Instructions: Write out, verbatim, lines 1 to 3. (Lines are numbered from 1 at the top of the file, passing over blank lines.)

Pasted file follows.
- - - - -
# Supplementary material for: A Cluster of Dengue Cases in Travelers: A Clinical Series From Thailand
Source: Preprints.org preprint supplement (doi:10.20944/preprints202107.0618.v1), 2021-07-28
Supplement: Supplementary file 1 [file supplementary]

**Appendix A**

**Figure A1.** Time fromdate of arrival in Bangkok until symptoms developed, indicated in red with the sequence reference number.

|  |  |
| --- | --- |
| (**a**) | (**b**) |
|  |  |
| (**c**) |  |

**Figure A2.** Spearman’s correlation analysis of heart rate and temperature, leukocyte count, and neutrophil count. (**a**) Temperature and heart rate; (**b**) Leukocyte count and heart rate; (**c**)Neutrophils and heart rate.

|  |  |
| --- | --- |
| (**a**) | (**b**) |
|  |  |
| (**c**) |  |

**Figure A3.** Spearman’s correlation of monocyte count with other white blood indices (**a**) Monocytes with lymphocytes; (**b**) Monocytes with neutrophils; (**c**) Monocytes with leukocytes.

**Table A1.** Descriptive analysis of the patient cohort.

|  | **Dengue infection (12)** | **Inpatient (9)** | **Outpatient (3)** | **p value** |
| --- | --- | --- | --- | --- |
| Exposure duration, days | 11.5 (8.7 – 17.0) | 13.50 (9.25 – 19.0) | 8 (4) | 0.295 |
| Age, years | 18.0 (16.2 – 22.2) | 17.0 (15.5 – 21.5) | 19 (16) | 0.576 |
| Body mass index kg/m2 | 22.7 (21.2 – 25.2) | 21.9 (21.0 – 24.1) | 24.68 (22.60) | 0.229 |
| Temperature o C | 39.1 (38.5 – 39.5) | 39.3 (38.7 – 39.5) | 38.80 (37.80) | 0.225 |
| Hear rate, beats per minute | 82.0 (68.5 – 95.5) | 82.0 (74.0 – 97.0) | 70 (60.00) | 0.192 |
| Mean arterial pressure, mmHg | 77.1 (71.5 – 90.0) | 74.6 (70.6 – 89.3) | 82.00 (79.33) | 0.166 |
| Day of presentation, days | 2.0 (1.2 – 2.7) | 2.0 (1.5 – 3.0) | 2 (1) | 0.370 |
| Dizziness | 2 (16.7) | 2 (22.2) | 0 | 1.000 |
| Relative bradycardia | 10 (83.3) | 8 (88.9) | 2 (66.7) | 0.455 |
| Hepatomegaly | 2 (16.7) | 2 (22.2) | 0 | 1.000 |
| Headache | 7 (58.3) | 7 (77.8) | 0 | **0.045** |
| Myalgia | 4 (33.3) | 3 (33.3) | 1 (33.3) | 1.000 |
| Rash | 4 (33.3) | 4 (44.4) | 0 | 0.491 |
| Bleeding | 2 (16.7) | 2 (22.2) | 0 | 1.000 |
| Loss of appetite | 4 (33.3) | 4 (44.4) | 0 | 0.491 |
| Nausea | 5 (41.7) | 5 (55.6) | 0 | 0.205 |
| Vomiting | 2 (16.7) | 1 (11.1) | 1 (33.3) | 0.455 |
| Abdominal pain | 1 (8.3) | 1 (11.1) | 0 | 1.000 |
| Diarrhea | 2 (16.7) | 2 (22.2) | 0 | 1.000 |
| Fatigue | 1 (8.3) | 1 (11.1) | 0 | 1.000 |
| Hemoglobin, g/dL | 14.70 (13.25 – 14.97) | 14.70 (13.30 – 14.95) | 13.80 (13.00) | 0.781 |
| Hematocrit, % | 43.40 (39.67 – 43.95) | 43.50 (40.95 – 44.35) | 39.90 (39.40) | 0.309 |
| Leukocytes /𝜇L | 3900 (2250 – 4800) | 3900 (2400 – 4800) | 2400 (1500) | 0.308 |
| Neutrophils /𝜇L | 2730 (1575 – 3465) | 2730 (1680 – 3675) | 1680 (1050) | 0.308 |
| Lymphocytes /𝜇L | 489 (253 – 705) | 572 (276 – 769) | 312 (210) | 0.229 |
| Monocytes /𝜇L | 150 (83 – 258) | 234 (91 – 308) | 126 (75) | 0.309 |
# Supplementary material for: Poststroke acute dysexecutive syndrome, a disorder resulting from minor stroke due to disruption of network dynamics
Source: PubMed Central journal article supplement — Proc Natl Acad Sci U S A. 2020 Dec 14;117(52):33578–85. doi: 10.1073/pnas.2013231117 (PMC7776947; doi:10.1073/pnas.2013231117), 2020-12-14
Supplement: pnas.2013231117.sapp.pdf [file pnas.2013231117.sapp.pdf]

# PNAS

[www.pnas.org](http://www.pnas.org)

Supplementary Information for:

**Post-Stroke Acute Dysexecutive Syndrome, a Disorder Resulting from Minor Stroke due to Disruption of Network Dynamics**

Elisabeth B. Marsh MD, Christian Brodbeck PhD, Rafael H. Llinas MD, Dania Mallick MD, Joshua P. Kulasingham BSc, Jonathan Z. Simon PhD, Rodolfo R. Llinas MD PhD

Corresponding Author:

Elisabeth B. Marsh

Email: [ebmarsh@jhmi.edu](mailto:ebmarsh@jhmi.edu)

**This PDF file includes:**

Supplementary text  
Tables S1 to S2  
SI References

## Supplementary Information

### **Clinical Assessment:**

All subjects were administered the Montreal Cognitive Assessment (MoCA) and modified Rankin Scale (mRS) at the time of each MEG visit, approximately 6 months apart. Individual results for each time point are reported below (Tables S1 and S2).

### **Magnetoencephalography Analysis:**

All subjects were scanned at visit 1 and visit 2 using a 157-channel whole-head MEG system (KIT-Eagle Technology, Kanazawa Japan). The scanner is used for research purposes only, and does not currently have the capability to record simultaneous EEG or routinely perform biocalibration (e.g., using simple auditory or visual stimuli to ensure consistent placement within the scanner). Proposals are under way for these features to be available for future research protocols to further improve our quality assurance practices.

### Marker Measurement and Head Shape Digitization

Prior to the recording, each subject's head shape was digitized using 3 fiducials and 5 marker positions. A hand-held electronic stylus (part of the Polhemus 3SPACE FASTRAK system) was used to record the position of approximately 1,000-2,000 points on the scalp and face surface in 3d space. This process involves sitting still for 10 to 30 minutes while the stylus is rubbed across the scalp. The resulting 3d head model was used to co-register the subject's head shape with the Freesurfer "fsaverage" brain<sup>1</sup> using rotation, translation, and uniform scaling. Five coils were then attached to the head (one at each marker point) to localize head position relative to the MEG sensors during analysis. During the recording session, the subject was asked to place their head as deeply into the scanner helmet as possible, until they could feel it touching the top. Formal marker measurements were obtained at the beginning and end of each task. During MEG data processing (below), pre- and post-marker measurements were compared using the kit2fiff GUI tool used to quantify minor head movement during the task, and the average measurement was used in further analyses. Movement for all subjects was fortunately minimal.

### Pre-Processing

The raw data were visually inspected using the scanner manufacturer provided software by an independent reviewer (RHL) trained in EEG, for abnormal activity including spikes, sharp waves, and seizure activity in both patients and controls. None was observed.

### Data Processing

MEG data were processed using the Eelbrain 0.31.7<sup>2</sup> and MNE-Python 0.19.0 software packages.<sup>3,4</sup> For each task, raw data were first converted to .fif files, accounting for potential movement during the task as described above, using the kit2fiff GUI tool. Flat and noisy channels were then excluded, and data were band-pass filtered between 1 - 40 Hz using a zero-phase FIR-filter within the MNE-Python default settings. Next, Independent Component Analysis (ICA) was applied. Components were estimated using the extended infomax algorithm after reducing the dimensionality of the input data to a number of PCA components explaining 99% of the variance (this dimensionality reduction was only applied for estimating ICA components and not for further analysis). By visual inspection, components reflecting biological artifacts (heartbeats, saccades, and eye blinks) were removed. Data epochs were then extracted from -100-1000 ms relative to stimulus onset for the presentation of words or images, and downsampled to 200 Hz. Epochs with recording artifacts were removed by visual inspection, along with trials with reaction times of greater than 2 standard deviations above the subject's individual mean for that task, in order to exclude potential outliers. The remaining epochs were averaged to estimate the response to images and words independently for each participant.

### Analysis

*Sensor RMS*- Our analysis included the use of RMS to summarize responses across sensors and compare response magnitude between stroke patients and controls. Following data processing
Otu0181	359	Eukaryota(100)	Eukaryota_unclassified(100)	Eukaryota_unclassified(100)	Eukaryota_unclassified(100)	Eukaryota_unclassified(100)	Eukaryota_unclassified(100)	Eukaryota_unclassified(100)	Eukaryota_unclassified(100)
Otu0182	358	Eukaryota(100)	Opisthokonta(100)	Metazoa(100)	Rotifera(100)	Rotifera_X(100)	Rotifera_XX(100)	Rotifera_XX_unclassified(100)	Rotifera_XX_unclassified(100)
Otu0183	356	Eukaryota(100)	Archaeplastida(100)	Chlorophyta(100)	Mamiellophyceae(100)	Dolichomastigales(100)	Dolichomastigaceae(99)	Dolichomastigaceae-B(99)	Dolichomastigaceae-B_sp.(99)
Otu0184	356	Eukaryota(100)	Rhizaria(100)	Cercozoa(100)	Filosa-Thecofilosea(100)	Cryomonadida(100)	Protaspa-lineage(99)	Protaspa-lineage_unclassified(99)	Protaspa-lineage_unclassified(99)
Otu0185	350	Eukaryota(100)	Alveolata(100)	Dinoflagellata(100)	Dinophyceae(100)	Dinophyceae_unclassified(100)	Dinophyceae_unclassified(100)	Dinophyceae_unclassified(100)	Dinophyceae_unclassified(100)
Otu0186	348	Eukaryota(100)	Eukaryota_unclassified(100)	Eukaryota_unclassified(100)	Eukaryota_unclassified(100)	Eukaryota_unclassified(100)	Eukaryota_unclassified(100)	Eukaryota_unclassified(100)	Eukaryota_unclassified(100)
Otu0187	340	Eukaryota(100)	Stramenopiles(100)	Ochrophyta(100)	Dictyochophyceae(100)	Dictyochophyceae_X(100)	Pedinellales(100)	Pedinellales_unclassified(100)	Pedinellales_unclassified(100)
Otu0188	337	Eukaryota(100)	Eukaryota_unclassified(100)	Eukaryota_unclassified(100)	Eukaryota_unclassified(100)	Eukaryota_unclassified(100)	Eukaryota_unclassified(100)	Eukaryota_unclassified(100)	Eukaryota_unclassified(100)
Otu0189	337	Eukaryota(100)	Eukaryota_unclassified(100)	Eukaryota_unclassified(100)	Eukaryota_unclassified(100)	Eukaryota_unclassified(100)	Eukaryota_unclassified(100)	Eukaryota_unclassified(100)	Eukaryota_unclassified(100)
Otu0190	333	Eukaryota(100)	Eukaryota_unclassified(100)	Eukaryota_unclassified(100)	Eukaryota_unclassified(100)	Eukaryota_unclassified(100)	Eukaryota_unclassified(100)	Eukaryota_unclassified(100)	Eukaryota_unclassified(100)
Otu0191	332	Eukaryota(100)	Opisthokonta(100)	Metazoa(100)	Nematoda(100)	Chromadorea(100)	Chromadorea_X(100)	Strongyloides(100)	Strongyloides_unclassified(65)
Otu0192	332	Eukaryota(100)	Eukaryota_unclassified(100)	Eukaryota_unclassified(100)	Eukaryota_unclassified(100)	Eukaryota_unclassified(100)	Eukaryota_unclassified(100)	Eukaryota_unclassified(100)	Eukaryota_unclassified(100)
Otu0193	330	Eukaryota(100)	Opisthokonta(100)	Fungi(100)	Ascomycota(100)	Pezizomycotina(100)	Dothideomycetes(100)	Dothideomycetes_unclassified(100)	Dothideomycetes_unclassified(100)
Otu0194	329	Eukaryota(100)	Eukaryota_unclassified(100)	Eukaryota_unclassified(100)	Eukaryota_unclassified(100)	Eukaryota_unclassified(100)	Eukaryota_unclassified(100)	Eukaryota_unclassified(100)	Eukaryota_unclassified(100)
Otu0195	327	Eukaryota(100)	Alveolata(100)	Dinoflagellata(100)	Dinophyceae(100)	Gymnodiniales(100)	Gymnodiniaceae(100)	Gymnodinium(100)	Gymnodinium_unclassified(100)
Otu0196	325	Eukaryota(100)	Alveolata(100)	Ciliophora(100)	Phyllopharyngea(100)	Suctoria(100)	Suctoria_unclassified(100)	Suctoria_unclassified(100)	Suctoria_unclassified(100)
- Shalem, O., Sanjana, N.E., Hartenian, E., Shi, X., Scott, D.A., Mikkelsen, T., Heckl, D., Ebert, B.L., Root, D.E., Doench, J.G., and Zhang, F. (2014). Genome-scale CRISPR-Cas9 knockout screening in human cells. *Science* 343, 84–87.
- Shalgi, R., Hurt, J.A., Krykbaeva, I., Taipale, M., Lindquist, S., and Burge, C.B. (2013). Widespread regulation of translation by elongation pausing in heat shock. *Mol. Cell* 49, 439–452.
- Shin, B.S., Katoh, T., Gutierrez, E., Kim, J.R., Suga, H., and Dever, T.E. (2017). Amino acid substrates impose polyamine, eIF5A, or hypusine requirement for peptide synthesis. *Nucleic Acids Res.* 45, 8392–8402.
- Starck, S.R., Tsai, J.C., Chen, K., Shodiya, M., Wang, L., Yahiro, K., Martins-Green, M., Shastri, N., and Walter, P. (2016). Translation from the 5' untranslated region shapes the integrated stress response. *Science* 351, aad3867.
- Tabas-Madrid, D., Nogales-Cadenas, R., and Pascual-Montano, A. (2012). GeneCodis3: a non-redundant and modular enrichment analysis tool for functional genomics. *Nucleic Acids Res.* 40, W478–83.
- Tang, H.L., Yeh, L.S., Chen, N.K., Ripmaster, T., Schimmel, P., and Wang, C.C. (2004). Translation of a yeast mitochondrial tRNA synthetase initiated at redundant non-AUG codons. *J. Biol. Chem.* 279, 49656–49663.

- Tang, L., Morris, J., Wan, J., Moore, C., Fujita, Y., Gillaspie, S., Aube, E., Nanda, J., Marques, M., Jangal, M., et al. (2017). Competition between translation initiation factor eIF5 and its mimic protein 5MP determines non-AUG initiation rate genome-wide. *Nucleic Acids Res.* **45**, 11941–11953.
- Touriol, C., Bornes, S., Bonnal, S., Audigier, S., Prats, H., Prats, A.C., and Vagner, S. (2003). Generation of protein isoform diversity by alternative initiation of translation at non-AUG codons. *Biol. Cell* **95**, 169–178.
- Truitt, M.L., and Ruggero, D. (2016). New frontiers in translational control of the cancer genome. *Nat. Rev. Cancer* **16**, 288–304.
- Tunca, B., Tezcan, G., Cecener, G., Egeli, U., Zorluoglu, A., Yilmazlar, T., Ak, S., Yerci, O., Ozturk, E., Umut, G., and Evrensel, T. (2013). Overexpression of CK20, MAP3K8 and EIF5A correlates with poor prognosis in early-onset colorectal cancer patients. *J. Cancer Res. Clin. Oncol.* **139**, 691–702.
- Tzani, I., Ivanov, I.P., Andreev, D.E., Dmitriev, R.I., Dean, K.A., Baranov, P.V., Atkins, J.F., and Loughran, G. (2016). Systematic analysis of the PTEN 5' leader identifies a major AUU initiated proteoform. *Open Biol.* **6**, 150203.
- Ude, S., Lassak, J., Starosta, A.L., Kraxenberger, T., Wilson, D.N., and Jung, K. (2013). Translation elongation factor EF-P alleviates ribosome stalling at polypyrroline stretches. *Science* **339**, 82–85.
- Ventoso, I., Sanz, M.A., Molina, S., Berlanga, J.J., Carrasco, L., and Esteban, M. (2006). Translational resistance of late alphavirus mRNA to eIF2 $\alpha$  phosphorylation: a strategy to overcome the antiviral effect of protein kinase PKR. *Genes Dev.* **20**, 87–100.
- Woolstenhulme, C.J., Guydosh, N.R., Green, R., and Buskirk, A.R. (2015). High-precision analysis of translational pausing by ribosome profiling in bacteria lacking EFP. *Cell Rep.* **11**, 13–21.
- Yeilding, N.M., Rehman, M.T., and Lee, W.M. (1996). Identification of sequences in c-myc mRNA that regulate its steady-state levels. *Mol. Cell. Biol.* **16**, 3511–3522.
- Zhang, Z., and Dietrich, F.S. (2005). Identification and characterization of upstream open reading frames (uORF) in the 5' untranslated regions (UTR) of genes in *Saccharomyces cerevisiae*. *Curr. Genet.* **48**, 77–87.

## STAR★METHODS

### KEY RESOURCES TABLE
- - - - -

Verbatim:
# Supplementary material for: A Cluster of Dengue Cases in Travelers: A Clinical Series From Thailand
Source: Preprints.org preprint supplement (doi:10.20944/preprints202107.0618.v1), 2021-07-28
Supplement: Supplementary file 1 [file supplementary]